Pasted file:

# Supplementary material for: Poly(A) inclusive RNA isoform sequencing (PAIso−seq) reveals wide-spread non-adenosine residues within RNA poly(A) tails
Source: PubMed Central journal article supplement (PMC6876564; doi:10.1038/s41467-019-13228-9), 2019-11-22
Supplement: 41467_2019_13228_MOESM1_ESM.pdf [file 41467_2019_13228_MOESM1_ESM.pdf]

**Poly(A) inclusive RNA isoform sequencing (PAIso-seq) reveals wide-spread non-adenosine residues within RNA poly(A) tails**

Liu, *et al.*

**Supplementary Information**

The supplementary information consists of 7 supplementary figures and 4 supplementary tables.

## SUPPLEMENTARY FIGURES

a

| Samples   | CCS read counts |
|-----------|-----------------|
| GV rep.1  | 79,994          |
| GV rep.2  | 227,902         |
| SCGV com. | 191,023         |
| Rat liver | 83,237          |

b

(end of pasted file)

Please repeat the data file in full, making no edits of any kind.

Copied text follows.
# Supplementary material for: Poly(A) inclusive RNA isoform sequencing (PAIso−seq) reveals wide-spread non-adenosine residues within RNA poly(A) tails
Source: PubMed Central journal article supplement (PMC6876564; doi:10.1038/s41467-019-13228-9), 2019-11-22
Supplement: 41467_2019_13228_MOESM1_ESM.pdf [file 41467_2019_13228_MOESM1_ESM.pdf]

**Poly(A) inclusive RNA isoform sequencing (PAIso-seq) reveals wide-spread non-adenosine residues within RNA poly(A) tails**

Liu, *et al.*

**Supplementary Information**

The supplementary information consists of 7 supplementary figures and 4 supplementary tables.

## SUPPLEMENTARY FIGURES

a

| Samples   | CCS read counts |
|-----------|-----------------|
| GV rep.1  | 79,994          |
| GV rep.2  | 227,902         |
| SCGV com. | 191,023         |
| Rat liver | 83,237          |

b